Pollution is the introduction of harmful or poisonous substances into an environment.
The growing human population has contributed to an improvement in living standards. However, the demand for resources to support this larger population has also led to an increase in waste and pollution. There are not many environments left that are not polluted.
The three different types of pollution we will look at are:
The rubbish that cannot be recycled is buried in landfill sites. These are large holes in the ground where we dump disposable waste. Toxic chemicals from the waste can get into the soil (e.g. pesticides or batteries). If organisms eat the plants that are covered in these toxic chemicals, they can accumulate further up the food chain. This can poison predators in the process.
Burning fossil fuels and other materials releases smoke into the air, which contains tiny solid particulates that can remain suspended in the atmosphere and contribute to smog. When inhaled, these particulates can cause damage to the lungs and respiratory system in humans and animals.
The combustion of fossil fuels also releases carbon dioxide, a greenhouse gas that contributes to global warming, and acidic gases such as sulfur dioxide and nitrogen oxides. These gases dissolve in rainwater to form acid rain, which can have negative impacts on ecosystems and infrastructure.
Air pollution can be blown from one location to another by the wind. So, pollution in one area can produce acid rain in another area or even a different country.
Farmers use pesticides and herbicides to protect their crops from pests and diseases. However, if runoff occurs, these toxic chemicals can wash into rivers and lakes, where they can be absorbed by aquatic plants.
Over time, these chemicals can build up in the tissues of organisms through a process called bioaccumulation. As they cannot be broken down by these organisms, they can accumulate to potentially harmful levels. This poses a threat to the health of the affected organisms and the ecosystem as a whole.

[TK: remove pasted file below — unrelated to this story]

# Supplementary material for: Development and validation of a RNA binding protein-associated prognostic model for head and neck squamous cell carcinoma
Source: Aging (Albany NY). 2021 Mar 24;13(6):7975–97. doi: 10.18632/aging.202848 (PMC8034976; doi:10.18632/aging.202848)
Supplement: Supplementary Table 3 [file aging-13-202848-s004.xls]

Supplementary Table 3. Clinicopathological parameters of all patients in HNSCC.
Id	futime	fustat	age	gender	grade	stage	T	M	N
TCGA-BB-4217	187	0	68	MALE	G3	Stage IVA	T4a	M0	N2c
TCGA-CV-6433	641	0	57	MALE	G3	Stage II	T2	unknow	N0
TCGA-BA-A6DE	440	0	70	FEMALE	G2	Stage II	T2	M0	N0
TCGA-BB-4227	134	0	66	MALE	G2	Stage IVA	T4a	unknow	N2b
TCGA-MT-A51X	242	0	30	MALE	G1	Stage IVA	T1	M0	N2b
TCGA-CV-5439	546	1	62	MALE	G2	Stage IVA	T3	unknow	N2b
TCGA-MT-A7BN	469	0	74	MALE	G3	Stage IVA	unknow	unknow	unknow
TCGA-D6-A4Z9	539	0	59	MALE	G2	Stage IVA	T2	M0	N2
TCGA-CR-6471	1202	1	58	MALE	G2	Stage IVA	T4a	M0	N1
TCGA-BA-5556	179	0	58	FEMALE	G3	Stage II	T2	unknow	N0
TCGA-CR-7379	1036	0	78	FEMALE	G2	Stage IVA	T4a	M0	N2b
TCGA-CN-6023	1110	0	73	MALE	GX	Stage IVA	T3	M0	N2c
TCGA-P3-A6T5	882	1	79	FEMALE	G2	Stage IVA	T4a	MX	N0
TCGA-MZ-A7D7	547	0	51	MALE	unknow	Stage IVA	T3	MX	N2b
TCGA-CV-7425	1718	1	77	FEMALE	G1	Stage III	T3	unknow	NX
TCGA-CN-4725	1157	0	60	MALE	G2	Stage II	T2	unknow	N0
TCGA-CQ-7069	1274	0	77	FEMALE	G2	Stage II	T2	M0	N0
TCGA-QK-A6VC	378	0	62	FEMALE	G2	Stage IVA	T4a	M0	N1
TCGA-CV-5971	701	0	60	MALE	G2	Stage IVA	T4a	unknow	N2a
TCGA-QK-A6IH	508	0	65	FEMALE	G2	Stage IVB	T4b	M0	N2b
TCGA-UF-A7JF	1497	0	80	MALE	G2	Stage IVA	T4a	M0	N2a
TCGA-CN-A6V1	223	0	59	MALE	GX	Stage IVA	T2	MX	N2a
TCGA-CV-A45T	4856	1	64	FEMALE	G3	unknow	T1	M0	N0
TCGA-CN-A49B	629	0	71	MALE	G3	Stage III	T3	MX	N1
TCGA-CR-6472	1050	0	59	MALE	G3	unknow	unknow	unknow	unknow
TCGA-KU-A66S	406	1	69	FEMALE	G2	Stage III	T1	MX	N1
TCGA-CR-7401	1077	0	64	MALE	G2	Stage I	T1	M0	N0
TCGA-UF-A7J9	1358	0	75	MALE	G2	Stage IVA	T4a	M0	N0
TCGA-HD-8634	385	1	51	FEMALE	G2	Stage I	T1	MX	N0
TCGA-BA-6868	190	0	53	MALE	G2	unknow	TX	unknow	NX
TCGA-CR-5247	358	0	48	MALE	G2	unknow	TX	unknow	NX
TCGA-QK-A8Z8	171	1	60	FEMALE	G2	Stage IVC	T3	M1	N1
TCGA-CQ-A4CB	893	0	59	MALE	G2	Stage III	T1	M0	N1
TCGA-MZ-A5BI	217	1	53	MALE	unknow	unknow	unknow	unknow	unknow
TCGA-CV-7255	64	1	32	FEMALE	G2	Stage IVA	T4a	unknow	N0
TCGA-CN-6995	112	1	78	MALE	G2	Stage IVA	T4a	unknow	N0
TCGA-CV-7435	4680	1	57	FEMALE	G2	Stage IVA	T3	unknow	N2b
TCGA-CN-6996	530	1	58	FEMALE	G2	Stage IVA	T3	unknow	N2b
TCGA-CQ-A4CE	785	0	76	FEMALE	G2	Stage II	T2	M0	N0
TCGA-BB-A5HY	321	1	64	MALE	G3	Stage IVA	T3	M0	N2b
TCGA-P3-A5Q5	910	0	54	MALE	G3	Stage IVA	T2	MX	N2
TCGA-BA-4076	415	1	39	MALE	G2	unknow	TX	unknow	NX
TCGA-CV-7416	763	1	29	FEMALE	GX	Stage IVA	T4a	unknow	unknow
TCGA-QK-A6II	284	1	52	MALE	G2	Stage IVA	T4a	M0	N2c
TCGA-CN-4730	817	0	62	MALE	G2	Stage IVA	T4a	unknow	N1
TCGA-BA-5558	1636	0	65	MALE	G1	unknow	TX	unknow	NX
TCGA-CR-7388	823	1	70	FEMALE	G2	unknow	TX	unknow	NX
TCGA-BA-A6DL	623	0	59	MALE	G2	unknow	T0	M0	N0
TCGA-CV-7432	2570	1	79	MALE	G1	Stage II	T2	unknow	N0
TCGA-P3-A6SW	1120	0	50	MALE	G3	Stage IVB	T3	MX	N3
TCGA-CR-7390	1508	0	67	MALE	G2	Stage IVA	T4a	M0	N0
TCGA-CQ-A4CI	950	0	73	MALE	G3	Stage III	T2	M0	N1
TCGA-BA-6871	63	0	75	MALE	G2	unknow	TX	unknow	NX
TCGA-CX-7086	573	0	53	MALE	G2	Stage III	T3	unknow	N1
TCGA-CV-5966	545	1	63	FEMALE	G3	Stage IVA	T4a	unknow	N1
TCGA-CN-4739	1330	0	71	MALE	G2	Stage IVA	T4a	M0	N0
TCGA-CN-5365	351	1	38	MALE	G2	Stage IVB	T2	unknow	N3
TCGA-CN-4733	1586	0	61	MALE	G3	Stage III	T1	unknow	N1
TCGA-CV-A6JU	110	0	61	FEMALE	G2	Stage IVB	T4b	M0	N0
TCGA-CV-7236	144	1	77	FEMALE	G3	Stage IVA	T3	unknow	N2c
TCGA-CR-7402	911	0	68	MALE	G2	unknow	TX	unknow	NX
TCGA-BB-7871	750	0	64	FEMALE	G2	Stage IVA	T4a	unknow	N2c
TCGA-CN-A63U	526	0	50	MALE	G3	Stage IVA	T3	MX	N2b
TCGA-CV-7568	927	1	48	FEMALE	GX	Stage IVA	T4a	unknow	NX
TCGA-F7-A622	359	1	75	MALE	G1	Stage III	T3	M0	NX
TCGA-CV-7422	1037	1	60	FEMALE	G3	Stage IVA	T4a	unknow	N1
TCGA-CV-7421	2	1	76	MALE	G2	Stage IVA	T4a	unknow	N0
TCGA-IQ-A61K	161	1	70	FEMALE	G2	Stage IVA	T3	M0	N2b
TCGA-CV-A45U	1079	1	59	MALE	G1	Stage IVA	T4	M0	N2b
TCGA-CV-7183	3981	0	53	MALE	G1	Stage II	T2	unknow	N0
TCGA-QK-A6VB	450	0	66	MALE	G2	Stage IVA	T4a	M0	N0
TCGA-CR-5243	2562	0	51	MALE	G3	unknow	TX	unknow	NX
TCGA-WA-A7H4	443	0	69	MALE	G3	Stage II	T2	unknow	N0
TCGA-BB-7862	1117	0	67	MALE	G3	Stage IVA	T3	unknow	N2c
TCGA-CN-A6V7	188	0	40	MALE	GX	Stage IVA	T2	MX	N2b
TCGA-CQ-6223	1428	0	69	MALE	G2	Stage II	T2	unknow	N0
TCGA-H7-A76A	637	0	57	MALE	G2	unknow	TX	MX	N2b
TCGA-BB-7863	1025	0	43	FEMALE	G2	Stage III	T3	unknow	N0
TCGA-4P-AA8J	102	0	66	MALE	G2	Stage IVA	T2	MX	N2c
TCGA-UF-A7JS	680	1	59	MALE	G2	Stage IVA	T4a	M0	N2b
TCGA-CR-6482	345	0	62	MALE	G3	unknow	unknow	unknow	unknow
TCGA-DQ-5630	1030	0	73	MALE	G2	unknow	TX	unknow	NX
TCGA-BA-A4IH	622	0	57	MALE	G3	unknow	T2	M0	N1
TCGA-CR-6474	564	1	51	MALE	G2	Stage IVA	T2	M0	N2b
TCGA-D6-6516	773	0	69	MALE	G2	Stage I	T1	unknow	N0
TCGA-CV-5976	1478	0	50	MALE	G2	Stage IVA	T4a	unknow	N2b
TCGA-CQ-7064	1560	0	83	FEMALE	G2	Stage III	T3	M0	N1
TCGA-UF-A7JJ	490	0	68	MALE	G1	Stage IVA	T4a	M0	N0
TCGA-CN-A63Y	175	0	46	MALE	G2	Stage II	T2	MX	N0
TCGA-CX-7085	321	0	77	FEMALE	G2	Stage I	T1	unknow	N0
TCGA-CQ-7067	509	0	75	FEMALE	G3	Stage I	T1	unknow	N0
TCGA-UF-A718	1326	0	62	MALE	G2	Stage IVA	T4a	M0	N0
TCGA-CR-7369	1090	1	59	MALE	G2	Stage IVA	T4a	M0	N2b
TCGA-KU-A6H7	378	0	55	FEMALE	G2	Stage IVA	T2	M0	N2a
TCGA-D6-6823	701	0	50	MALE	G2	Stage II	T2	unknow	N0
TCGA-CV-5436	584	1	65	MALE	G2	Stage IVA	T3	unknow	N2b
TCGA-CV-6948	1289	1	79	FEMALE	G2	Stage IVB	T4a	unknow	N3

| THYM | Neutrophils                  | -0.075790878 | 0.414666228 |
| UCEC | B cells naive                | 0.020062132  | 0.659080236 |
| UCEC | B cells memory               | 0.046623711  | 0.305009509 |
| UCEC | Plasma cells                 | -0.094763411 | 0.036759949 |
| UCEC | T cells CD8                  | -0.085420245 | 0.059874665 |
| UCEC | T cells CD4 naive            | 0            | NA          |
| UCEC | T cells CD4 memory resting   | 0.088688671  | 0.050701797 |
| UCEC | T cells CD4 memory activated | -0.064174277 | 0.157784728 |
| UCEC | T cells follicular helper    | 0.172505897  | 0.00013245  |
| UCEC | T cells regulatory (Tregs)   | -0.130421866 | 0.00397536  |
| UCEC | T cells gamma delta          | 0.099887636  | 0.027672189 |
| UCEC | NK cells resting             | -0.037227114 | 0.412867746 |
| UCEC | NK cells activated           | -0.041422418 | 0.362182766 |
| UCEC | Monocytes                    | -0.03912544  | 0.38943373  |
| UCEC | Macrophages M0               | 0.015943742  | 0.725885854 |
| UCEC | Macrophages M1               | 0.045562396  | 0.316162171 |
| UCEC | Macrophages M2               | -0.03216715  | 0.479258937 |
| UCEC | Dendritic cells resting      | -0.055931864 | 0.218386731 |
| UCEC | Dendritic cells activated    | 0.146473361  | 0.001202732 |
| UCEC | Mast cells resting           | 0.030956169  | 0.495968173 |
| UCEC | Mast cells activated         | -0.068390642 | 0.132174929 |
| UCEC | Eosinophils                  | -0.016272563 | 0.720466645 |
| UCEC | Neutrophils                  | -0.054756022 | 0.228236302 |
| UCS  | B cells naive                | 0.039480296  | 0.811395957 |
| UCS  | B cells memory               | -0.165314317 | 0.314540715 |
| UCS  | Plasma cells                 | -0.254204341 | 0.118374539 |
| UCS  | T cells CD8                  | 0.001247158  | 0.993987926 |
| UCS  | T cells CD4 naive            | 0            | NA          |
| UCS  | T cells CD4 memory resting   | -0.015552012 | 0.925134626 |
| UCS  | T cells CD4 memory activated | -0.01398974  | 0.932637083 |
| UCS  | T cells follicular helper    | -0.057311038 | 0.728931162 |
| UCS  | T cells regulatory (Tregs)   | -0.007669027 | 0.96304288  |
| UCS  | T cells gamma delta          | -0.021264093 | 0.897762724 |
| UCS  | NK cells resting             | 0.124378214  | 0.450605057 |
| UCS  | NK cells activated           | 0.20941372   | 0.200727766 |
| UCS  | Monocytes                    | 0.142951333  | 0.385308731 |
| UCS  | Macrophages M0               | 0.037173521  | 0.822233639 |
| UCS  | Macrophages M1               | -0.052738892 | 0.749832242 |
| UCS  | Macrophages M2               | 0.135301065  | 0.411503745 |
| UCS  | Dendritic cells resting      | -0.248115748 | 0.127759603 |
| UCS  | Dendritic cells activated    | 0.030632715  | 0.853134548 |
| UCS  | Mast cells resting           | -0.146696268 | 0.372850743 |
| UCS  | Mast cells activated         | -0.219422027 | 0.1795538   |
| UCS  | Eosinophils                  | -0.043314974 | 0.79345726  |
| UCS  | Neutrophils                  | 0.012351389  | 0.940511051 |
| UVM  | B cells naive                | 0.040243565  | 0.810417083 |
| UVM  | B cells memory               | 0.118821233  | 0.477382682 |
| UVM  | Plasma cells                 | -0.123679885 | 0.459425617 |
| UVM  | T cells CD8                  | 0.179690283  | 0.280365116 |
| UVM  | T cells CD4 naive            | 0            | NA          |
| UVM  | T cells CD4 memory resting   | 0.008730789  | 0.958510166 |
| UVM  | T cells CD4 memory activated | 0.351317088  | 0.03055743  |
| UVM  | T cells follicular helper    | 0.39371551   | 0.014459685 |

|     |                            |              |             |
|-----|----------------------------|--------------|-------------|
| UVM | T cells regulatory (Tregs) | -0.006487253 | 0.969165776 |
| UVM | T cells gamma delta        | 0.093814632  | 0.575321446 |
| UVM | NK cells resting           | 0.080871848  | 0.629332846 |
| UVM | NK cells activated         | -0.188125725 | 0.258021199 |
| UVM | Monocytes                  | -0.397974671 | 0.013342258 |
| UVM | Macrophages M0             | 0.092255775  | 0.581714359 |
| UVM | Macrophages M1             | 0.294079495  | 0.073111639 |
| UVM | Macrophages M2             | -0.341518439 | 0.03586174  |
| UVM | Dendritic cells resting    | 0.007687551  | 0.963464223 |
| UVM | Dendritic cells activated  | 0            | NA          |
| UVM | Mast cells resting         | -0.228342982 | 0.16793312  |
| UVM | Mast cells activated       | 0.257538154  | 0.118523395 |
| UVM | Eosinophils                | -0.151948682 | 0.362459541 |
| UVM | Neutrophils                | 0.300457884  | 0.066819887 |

The amount of toxic chemicals will increase at each stage of the food chain. Therefore, the top predators will have very toxic levels, which can lead to death.
Nitrate fertilisers are soluble in water. So, when the rain washes it off fields, it can reach rivers and lakes, which can lead to eutrophication.
As there are a lot of nitrates and phosphates. the algae will grow rapidly and die. Microorganisms will break down the algae, using a lot of oxygen for respiration. This will reduce oxygen levels for the aquatic organisms nearby.
The presence or absence of certain plant or animal species can serve as indicators of pollution in an ecosystem. For example, the absence of certain species that are sensitive to pollution may suggest that there are pollutants in the environment.
We can use indicator species to determine the level of:
Certain aquatic species, such as fish or amphibians, can be used as indicators of water pollution. The presence or absence of these species, or changes in their populations, can provide information about the health of a water body and the presence of pollutants. For example:
Air quality can be assessed using certain species of lichen as indicators. These organisms are often sensitive to pollutants, such as sulphur dioxide, and their presence or absence can provide information about the level of pollution in an area. In areas with clean air, a diverse range of lichen species can be found.
Heavily polluted areas tend to have fewer lichen species present. By studying the presence or absence of lichen species, we can get a sense of the overall air quality in a given location.